'Back to the street': France's unimagined and unimaginable migrant crisis
Asylum seekers set up makeshift camps in Paris again a week after police clear them from streets
Two queen-sized mattresses lie on the pavement outside Paris's Stalingrad Metro station. Six or seven people sit or lie on each, talking, eating or sleeping. One watches a small child running around beneath the overhead tracks.
They are the first sign that some of Paris's asylum seekers are back.
Ten days ago, a dramatic police operation dismantled makeshift camps in the north end of Paris and evacuated an estimated 1,500 from its streets.
Within a week, hundreds had returned. Official figures are scarce, but come lunchtime the numbers are there.
Three volunteers from two faith-based organizations bring food for 400 to avenue de Flandre, offering vegetables, bread and water for the Eritreans, Ethiopians and Sudanese whose pop-up tents line the median there.
Disorganized clutches of slow-moving men suddenly line up quickly under the blistering sun. Several signal not to take their picture. Hasna, one of the volunteers, is clearer.
"No faces," she shouts across the median. It's a common request for migrants who fear for family left behind, and for themselves, all too well aware that they lack legal standing.
Their vulnerability is what draws the charities, of course, and also what makes the migrants prey to almost everyone's agenda.
Too little, too late?
In May, Paris Mayor Anne Hidalgo promised to create two new reception centres in Paris come fall.
French President François Hollande's government has also pledged to create an additional 9,000 places in centres across the country by end of year.
We failed to anticipate even when all the signs were there.- Pierre Henry
It's all too little, too late, according to Pierre Henry, director of France Terre d'Asile, an NGO that assists asylum seekers applying for refugee status.
"We failed to anticipate even when all the signs were there," he says. "When you have a 100 people entering the country every day and 100,000 asylum requests in 2016 so far, but only 50,000 places for them, you're going to have a problem."
And possibly more than one, according to the volunteers on the street.
"I don't care about shelter," says Hasna, from the Muslim collective Al-Karama, who insists her parents only gave her one name.
"It means dignity," she adds, making her priorities clear.
"The shelters they're brought to are shameful. There's no dignity there. The attitude is 'sleep and shut up.' So they come back to the street to eat."
Volunteer Charles Drané is less categorical.
"I don't know, I haven't been. But that's what they tell us," says Drané, who's with Adra France, the local arm of the Adventists' international charity.
"Most were evacuated to the suburbs. But they're isolated there. They prefer to be with people they know," says Drané. "The aim is not so much to give them shelter as it is to get them off the street, to disperse them."
Not quite, says Henry.
"Most stay once they've found a roof, but some do go back to the street. Some aren't eligible for asylum in France. In Europe, you have to apply in the country where you land. France can request that an asylum seeker be readmitted to another country, but it's unlikely," says Henry. "Solidarity isn't the strongest thing in Europe."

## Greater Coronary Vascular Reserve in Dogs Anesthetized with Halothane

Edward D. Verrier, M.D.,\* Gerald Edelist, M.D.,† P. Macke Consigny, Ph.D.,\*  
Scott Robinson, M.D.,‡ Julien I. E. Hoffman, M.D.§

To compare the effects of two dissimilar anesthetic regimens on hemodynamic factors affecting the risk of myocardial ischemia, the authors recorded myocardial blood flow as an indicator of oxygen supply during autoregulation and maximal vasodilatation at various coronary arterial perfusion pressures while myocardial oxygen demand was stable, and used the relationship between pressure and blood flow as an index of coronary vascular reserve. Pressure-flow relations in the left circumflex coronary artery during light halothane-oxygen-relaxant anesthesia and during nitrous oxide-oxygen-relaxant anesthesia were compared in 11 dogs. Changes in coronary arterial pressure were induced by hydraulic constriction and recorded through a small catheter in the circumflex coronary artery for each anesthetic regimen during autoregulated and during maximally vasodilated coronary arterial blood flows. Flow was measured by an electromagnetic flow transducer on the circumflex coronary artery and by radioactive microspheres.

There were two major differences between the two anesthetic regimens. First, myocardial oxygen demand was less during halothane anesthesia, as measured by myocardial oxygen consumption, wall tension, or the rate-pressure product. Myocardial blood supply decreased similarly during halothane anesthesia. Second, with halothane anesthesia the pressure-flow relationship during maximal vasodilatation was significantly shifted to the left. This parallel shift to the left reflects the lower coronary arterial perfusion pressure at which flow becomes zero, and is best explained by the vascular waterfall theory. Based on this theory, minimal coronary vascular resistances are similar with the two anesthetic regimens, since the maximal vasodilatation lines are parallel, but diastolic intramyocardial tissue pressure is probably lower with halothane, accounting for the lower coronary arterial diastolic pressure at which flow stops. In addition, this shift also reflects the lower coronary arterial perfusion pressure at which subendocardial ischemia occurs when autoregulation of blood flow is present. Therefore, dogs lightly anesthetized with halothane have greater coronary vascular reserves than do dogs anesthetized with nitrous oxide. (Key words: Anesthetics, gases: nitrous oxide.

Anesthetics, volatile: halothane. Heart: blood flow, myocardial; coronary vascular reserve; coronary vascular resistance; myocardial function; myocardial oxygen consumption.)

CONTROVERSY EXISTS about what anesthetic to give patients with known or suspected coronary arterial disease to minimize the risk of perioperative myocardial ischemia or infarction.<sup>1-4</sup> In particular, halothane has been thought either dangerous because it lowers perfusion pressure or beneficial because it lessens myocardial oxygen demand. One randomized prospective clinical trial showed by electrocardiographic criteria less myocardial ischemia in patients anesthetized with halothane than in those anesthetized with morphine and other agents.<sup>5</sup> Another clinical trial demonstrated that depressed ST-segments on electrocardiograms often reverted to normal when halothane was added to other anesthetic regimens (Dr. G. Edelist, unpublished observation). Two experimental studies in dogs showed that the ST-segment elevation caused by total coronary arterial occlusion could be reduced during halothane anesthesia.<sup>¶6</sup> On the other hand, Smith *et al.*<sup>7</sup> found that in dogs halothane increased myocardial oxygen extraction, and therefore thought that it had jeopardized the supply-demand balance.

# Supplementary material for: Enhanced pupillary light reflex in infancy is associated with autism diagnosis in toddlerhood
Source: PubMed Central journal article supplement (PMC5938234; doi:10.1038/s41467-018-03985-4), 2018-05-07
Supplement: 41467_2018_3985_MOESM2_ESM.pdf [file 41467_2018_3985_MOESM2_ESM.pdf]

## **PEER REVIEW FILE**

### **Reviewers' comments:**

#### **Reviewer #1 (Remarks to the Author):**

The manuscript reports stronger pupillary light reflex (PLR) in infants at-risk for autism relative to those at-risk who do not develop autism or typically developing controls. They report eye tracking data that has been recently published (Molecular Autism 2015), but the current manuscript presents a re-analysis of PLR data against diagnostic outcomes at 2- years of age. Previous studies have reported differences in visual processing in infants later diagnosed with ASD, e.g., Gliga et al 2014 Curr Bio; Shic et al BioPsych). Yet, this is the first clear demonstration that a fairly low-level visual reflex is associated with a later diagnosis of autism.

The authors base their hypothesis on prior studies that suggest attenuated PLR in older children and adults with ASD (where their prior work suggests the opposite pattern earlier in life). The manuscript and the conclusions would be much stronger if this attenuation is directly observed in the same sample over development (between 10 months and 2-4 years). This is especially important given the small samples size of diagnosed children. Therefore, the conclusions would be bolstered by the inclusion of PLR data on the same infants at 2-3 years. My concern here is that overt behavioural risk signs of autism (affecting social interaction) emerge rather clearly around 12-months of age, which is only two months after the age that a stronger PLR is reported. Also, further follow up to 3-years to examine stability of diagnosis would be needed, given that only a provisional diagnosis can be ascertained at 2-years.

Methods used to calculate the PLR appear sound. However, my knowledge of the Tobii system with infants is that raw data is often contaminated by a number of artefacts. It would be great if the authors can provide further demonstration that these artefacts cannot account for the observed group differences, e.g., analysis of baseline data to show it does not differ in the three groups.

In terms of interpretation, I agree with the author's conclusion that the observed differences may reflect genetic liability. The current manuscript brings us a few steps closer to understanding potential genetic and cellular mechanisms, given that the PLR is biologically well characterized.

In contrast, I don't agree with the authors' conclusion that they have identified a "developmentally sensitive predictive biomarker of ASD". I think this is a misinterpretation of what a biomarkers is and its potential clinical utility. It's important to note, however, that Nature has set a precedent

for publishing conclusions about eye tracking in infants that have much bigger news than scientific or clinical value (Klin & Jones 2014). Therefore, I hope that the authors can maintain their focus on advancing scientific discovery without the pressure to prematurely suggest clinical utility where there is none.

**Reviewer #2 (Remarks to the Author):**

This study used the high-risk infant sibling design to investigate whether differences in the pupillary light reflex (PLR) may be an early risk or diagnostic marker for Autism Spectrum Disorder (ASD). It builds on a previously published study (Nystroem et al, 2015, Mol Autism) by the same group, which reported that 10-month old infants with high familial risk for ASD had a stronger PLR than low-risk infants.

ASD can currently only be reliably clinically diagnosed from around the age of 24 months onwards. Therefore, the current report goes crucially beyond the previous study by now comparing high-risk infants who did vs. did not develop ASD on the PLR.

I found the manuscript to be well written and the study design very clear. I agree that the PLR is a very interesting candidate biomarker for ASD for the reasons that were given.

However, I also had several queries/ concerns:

Nor is it in Paris, apparently.
Simone Spichiger is a resident of avenue de Flandre. The older, primly dressed woman accosts me while I'm taking photos.
"I hope you're going to publish those. You have to show people what's going on. People don't realize. Let me tell you. It was unimaginable. It started on the first block and grew from there," she says, pointing about.
"When you see people on your street sleeping on mattresses and blankets and cardboard, it's disgusting. It was quite smelly. Can't you smell it? Well, this is nothing compared to what it was. If you'd seen the garbage left in front of my place after the evacuation … they had to shovel it out."
A divided country
She's momentarily worried this will make her look bad, but dismisses the thought just as quickly and carries on.
"France is always divided over these issues. Oh, I had a fight with one of the volunteers. They called me a fascist and every other name going. You have those who say: 'They're poor people who've fled war.' OK. But then it should be up to politicians to be responsible."
That's a tall order as the 2017 presidential election looms and acts as backdrop against which almost everything happens here. The migrant crisis and its many ramifications have become a flashpoint for politicians looking to score points.
The camp at Calais best known as "the jungle" is perhaps the strongest case in point.
Hollande toured the camp Monday, his first visit ever. He repeated his pledge to relocate its 9,000 residents to centres across the country and to close the squalid camp "completely and definitively" bythe end of the year.
And yet, almost unthinkably, it remains a destination for some.
'No idea where I was'
A few blocks from avenue de Flandre, tents and mattresses crowd the exit of the Jaurès Metro station where Afghan migrants have set up camp again.
Several point at their tents and raise three or four fingers to signal the numbers who live inside. A few speak a smattering of English, enough to translate for a teen who wants to talk.
"Can you help me get to Calais?" asks Oryakhil Zaiyauden, a 16-year old Afghan. "I have family there."
Zaiyauden has been in France for close to a month. He was swept up in the mid-September evacuation, but returned to Metro Jaurès as soon as he could.
"I had no idea where I was," he says.
He seems unaware of the terrible conditions in Calais, of the president's promise to close it or of the wall being built by the British to keep the camp's residents from reaching the U.K.
And he doesn't seem to care. "My parents sent me," he says.
Charged with his family's future, he is single-minded about getting there.